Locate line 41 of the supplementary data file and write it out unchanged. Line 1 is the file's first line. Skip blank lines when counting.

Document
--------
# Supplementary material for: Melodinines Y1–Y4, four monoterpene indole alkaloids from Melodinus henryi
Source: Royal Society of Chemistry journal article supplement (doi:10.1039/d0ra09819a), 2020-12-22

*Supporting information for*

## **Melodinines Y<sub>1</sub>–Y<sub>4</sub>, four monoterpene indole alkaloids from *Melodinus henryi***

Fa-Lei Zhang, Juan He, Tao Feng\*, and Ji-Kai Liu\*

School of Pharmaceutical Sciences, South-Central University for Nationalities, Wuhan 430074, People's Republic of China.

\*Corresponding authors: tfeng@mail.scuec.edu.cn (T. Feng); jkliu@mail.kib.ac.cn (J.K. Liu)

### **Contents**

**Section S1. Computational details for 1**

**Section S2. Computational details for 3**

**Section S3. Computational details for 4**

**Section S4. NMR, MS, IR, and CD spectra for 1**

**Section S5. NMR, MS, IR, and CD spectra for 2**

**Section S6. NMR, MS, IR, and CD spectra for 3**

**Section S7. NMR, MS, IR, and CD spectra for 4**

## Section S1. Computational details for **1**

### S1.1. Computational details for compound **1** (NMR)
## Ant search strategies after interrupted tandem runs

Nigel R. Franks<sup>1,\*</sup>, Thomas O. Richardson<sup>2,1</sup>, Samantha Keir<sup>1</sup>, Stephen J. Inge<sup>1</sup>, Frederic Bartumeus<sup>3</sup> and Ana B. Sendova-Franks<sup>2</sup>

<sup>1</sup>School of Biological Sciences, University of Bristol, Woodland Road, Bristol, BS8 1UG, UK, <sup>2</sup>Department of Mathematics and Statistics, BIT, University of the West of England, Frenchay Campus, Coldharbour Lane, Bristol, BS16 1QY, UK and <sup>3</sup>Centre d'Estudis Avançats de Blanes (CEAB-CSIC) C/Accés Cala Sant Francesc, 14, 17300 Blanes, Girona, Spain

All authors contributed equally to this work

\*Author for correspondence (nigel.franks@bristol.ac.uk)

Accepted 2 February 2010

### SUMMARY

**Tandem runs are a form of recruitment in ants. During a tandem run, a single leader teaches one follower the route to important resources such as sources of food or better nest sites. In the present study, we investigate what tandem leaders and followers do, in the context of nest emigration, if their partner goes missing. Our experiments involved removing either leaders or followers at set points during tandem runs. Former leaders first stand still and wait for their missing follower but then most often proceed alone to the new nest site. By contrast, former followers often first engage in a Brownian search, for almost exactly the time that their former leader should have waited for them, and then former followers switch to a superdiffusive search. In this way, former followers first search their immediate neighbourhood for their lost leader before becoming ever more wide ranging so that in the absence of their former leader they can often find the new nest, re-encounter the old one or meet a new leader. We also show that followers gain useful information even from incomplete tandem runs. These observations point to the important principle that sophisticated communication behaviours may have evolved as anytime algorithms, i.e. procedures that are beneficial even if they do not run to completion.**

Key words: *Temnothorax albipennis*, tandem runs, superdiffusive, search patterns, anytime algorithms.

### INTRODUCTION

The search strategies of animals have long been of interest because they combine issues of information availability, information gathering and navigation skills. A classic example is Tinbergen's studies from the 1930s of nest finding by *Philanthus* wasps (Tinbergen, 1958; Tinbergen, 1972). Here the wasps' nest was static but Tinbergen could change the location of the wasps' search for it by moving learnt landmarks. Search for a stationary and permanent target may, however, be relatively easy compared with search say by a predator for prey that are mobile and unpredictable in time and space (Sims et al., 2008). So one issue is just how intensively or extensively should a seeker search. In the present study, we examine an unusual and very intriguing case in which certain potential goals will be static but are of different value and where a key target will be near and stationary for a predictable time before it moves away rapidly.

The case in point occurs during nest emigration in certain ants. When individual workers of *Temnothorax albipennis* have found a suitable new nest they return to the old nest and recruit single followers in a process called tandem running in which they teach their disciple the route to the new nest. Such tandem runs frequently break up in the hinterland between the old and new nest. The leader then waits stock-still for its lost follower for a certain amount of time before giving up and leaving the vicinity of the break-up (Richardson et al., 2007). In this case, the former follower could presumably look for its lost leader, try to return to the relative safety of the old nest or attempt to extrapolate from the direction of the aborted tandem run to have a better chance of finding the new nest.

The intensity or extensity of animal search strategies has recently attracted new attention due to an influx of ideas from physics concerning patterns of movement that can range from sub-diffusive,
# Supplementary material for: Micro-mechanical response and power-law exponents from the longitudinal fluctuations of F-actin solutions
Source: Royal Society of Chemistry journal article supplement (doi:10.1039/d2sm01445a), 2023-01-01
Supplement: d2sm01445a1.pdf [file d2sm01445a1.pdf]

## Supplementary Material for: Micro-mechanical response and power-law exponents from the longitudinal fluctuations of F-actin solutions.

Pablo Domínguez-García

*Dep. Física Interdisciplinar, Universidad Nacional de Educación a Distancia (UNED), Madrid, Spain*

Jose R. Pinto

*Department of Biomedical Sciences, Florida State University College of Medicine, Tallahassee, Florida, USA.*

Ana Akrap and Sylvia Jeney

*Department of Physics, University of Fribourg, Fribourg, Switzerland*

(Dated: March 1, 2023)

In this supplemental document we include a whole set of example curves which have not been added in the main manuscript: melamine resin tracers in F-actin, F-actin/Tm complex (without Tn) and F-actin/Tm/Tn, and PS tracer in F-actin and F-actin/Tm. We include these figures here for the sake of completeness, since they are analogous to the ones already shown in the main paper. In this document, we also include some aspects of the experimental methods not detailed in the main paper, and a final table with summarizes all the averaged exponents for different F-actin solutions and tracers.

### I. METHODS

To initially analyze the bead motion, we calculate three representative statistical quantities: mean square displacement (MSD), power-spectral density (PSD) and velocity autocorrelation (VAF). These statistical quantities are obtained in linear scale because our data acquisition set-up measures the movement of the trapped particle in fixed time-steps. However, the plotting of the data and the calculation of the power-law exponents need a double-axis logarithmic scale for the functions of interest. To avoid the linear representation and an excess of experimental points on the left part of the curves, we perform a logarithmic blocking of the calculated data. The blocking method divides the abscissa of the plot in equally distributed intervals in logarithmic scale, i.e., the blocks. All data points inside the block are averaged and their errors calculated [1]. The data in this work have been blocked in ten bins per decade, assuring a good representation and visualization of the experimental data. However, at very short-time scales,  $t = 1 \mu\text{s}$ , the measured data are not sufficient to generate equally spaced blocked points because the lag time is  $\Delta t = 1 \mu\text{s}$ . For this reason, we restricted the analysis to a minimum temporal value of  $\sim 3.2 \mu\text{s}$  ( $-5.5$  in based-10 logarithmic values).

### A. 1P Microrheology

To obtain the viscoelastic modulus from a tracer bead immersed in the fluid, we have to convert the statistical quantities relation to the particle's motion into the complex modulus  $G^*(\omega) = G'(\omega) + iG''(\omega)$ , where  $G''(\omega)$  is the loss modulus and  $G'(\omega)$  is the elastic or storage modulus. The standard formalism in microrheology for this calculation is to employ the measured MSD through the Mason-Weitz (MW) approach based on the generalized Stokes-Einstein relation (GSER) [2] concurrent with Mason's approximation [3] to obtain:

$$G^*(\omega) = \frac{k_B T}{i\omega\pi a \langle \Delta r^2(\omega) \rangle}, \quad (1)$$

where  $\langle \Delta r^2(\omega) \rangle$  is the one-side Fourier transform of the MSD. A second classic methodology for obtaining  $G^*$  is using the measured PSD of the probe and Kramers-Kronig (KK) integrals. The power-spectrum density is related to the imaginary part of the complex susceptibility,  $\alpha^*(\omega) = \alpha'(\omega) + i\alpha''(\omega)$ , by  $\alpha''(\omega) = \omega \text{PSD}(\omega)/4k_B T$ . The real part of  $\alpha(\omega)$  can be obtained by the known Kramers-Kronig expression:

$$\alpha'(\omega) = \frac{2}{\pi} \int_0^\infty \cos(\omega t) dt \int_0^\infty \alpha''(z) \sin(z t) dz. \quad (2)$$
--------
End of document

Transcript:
(Dated: March 1, 2023)